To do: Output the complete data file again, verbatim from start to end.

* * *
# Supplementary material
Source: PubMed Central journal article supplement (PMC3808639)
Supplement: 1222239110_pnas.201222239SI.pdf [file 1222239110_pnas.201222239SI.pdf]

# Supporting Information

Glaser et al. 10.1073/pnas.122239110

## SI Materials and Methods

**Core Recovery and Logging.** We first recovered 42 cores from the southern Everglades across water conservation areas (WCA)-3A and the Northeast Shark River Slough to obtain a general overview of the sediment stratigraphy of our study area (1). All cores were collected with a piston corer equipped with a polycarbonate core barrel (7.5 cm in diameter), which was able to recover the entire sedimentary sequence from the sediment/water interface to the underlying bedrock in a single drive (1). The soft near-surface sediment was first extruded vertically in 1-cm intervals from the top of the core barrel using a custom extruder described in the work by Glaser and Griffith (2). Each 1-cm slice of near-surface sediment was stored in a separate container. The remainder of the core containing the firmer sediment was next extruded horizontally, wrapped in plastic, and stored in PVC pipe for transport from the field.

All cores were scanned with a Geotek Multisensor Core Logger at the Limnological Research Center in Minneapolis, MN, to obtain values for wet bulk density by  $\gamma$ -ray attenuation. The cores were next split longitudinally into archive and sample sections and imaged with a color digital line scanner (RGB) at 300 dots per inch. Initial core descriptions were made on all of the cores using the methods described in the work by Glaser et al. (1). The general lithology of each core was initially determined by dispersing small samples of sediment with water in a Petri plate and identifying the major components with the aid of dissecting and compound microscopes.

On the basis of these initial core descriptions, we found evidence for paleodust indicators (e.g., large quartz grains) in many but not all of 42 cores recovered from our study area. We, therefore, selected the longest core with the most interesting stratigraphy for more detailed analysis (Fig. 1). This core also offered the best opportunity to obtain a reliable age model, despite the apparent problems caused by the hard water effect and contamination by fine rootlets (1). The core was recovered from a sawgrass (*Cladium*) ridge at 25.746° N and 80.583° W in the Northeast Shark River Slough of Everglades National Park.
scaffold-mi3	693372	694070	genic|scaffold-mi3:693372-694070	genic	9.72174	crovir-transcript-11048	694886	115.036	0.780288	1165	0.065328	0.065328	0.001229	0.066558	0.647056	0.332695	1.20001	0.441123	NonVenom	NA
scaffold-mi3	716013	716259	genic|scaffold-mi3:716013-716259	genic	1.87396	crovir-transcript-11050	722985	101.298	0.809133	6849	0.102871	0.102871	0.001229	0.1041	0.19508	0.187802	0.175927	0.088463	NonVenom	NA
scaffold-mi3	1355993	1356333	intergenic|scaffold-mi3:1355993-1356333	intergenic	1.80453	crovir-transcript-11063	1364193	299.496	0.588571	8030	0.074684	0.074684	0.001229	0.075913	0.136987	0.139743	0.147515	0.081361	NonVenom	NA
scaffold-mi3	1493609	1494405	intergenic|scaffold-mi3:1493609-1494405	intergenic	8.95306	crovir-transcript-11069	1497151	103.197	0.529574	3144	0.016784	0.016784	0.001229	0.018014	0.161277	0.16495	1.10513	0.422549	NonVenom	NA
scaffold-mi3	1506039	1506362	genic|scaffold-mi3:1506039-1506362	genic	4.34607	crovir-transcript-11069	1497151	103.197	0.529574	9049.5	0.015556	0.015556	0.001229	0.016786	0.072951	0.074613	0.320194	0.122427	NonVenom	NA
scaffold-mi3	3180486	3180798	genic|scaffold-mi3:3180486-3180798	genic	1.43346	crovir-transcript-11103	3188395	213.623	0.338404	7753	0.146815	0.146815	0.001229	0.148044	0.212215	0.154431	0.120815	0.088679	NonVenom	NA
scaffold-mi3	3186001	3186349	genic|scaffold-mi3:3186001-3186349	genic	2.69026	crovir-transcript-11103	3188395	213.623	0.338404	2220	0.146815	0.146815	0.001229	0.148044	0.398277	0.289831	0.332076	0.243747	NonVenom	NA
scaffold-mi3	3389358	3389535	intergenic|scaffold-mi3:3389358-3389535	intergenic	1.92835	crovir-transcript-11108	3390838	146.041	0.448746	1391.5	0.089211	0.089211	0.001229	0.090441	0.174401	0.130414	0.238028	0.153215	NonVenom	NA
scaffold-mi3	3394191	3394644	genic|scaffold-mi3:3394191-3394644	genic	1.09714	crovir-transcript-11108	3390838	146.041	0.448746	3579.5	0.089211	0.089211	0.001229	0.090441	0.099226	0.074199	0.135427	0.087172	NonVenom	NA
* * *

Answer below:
# Supplementary material
Source: PubMed Central journal article supplement (PMC3808639)
Supplement: 1222239110_pnas.201222239SI.pdf [file 1222239110_pnas.201222239SI.pdf]

# Supporting Information

Glaser et al. 10.1073/pnas.122239110

## SI Materials and Methods

**Core Recovery and Logging.** We first recovered 42 cores from the southern Everglades across water conservation areas (WCA)-3A and the Northeast Shark River Slough to obtain a general overview of the sediment stratigraphy of our study area (1). All cores were collected with a piston corer equipped with a polycarbonate core barrel (7.5 cm in diameter), which was able to recover the entire sedimentary sequence from the sediment/water interface to the underlying bedrock in a single drive (1). The soft near-surface sediment was first extruded vertically in 1-cm intervals from the top of the core barrel using a custom extruder described in the work by Glaser and Griffith (2). Each 1-cm slice of near-surface sediment was stored in a separate container. The remainder of the core containing the firmer sediment was next extruded horizontally, wrapped in plastic, and stored in PVC pipe for transport from the field.

All cores were scanned with a Geotek Multisensor Core Logger at the Limnological Research Center in Minneapolis, MN, to obtain values for wet bulk density by  $\gamma$ -ray attenuation. The cores were next split longitudinally into archive and sample sections and imaged with a color digital line scanner (RGB) at 300 dots per inch. Initial core descriptions were made on all of the cores using the methods described in the work by Glaser et al. (1). The general lithology of each core was initially determined by dispersing small samples of sediment with water in a Petri plate and identifying the major components with the aid of dissecting and compound microscopes.

On the basis of these initial core descriptions, we found evidence for paleodust indicators (e.g., large quartz grains) in many but not all of 42 cores recovered from our study area. We, therefore, selected the longest core with the most interesting stratigraphy for more detailed analysis (Fig. 1). This core also offered the best opportunity to obtain a reliable age model, despite the apparent problems caused by the hard water effect and contamination by fine rootlets (1). The core was recovered from a sawgrass (*Cladium*) ridge at 25.746° N and 80.583° W in the Northeast Shark River Slough of Everglades National Park.
scaffold-mi3	693372	694070	genic|scaffold-mi3:693372-694070	genic	9.72174	crovir-transcript-11048	694886	115.036	0.780288	1165	0.065328	0.065328	0.001229	0.066558	0.647056	0.332695	1.20001	0.441123	NonVenom	NA
scaffold-mi3	716013	716259	genic|scaffold-mi3:716013-716259	genic	1.87396	crovir-transcript-11050	722985	101.298	0.809133	6849	0.102871	0.102871	0.001229	0.1041	0.19508	0.187802	0.175927	0.088463	NonVenom	NA
scaffold-mi3	1355993	1356333	intergenic|scaffold-mi3:1355993-1356333	intergenic	1.80453	crovir-transcript-11063	1364193	299.496	0.588571	8030	0.074684	0.074684	0.001229	0.075913	0.136987	0.139743	0.147515	0.081361	NonVenom	NA
scaffold-mi3	1493609	1494405	intergenic|scaffold-mi3:1493609-1494405	intergenic	8.95306	crovir-transcript-11069	1497151	103.197	0.529574	3144	0.016784	0.016784	0.001229	0.018014	0.161277	0.16495	1.10513	0.422549	NonVenom	NA
scaffold-mi3	1506039	1506362	genic|scaffold-mi3:1506039-1506362	genic	4.34607	crovir-transcript-11069	1497151	103.197	0.529574	9049.5	0.015556	0.015556	0.001229	0.016786	0.072951	0.074613	0.320194	0.122427	NonVenom	NA
scaffold-mi3	3180486	3180798	genic|scaffold-mi3:3180486-3180798	genic	1.43346	crovir-transcript-11103	3188395	213.623	0.338404	7753	0.146815	0.146815	0.001229	0.148044	0.212215	0.154431	0.120815	0.088679	NonVenom	NA
scaffold-mi3	3186001	3186349	genic|scaffold-mi3:3186001-3186349	genic	2.69026	crovir-transcript-11103	3188395	213.623	0.338404	2220	0.146815	0.146815	0.001229	0.148044	0.398277	0.289831	0.332076	0.243747	NonVenom	NA
scaffold-mi3	3389358	3389535	intergenic|scaffold-mi3:3389358-3389535	intergenic	1.92835	crovir-transcript-11108	3390838	146.041	0.448746	1391.5	0.089211	0.089211	0.001229	0.090441	0.174401	0.130414	0.238028	0.153215	NonVenom	NA
scaffold-mi3	3394191	3394644	genic|scaffold-mi3:3394191-3394644	genic	1.09714	crovir-transcript-11108	3390838	146.041	0.448746	3579.5	0.089211	0.089211	0.001229	0.090441	0.099226	0.074199	0.135427	0.087172	NonVenom	NA